You Flow Girl: Women’s Hormones 101, The Big Three
Is it just me, or do you feel as though you have spent half your life having a period but not really knowing what the heck is going on? It’s as though we are groomed to believe that talking about our menstrual cycle is taboo and unladylike. Our body sends us a handful of symptoms, and these symptoms are a report card for what is going on inside. Many of us have come to expect and accept obvious signs of hormonal imbalances as “normal” because we have not been taught otherwise. Rates of infertility, miscarriage, reproductive disorders (i.e. PCOS, endometriosis, etc.), adult-onset acne, and hormonal imbalances are higher than ever. All the while, the symptoms are bodies are screaming to us have fallen on deaf ears because they have probably been masked with some sort of pill that never really solves the problem.
I’ll admit, I never really understood (nor cared about) the complex orchestra that is the female hormonal cycle until taking a Fertility Awareness Method (FAM) class right before my husband and I got married. It was amazing how acknowledging and understanding signs and symptoms that my body naturally provided could either help me or prevent me from getting pregnant. In addition, identifying potential underlying issues based on irregularities in my menstrual cycle connected me deeply to my body and made me achieve a sense of belonging to an ancient sisterhood. I no longer feel like a foreigner in my own skin since learning how to read my body’s cues through the course of the month. It has been liberating and empowering to pinpoint and translate specific symptoms into practical solutions. Learning about my body and the natural processes it goes through has helped me, and several of my clients, work with their bodies to regain their woman-hood.
I respect that there is a time and place for birth control pills and that FAM is not for everyone, but I also strongly believe that as women, we should arm ourselves with knowledge about our own hormones and bodies to, at the very least, reduce our risk of reproductive disorders, infertility, and certain cancers. We all deserve the chance to make informed decisions about our care and not be funneled into the pharmaceutical treatment model right away.
During this series of blog posts, my goal is to provide you a tangible and easy to understand explanation of women’s hormones, the menstrual cycle, fertility awareness methods, reproductive disorders, and real-food strategies you can incorporate to better manage your health.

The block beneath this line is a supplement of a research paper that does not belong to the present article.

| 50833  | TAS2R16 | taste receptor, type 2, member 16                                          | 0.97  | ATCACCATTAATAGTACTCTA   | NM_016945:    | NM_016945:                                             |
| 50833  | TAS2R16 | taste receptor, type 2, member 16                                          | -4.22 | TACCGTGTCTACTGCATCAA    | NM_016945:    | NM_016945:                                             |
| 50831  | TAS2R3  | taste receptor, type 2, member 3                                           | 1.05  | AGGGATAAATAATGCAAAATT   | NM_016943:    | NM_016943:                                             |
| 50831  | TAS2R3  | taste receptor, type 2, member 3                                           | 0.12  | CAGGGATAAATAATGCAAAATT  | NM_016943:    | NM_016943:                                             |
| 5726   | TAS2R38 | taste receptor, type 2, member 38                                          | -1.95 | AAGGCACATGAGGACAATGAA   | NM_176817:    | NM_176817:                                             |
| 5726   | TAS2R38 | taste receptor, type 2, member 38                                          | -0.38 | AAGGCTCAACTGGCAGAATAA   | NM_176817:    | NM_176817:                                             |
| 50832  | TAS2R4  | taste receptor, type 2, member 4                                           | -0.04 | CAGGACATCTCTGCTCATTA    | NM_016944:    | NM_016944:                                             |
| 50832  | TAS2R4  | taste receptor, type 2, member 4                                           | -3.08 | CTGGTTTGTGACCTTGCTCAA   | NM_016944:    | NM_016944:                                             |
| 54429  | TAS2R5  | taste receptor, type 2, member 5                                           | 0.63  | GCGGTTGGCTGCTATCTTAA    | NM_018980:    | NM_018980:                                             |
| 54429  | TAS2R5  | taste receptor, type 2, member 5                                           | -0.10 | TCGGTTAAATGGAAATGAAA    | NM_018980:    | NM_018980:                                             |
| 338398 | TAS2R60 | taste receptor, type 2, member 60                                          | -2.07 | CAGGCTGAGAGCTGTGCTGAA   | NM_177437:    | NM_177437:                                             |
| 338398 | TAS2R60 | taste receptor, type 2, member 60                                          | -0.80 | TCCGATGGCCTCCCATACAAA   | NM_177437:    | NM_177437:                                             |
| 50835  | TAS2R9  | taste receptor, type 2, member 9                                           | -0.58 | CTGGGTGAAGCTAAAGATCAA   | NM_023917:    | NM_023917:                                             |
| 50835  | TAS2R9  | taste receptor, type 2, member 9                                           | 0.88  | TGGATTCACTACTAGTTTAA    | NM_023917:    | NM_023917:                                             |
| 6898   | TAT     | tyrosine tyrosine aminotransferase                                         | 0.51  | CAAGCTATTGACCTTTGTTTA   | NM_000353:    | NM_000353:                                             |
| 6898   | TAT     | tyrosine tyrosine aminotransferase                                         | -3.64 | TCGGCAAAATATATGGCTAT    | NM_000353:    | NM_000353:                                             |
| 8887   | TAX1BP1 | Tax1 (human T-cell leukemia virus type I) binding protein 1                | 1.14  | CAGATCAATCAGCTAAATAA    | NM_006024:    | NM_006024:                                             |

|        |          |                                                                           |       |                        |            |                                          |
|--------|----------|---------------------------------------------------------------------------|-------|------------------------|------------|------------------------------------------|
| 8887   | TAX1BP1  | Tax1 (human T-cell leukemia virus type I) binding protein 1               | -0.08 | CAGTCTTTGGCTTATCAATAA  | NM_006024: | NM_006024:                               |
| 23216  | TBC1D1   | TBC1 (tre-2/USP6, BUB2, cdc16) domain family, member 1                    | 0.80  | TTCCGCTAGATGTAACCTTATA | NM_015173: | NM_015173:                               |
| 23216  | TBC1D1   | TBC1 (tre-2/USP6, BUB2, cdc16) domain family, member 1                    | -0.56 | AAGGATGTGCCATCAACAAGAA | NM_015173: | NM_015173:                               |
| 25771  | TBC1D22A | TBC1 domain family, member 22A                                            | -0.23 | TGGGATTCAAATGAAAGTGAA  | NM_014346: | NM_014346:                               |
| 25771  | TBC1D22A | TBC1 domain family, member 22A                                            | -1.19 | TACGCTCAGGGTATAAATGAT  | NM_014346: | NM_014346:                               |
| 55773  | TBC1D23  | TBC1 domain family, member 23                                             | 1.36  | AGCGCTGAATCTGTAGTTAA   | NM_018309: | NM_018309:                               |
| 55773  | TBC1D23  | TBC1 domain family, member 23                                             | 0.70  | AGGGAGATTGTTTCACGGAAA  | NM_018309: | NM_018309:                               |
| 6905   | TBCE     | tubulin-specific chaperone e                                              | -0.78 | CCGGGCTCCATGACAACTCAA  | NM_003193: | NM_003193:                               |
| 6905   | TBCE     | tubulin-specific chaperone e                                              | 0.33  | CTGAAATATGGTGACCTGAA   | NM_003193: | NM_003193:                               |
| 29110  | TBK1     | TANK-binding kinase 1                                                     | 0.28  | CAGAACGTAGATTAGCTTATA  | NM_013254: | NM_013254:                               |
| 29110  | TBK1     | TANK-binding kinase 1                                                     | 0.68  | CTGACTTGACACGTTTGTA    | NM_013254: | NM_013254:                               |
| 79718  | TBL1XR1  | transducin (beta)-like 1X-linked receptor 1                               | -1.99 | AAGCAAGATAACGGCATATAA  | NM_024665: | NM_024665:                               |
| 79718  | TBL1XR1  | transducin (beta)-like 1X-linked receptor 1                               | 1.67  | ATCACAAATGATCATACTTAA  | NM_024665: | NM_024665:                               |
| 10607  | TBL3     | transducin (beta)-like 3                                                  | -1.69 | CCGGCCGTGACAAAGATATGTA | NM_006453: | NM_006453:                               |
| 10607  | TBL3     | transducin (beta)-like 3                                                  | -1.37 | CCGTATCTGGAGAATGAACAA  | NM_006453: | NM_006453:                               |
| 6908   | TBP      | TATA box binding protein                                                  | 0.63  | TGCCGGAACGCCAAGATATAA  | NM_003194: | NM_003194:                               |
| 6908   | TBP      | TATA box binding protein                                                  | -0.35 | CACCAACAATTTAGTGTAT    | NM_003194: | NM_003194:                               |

If you’ve ever thought to yourself:
- “When was the last time I had my period?”
- “Is this heavy cramping and bleeding normal”
- “Doesn’t everyone have to take a sick-day on the first day of their cycle?”
- “Why do I have acne now as an adult?”
- “Wait, I don’t need ovulation sticks to know I’m ovulating?”
- “What is with all this facial hair?”
- “Ugh, sex again? No thanks!”
…then this series is for you!
In Part 1, Women’s Hormones 101, I am going to introduce you to the stars of the female menstrual cycle: estrogen, progesterone, and testosterone. It is a beautiful symphony of hormones that all must be finely tuned and orchestrated, and when one is out of whack, the entire ensemble is affected.
First up, ESTROGEN:
Estrogen is what makes a woman a woman. It tells the body to develop breasts, widen hips, add mass to your booty, and make fertility possible. “Estrogen” is a broad term for hormones within the estrogen family (estradiol, estriol, estrone) that helps to build the uterine lining to prepare for pregnancy, keeps a woman’s body lubricated (think joints and vagina), and induces menstruation.
Estrogen has over 400 other functions in the body including:
- Regulation of body temperature
- Increases in metabolic rate
- Muscle maintenance
- Sleep quality
- Blood pressure regulation
- Provides smoothness and softness to skin (decreases pores and wrinkles)
- Increases sexual interest
- Helps with reasoning and creating new ideas
- Improves fine motor skills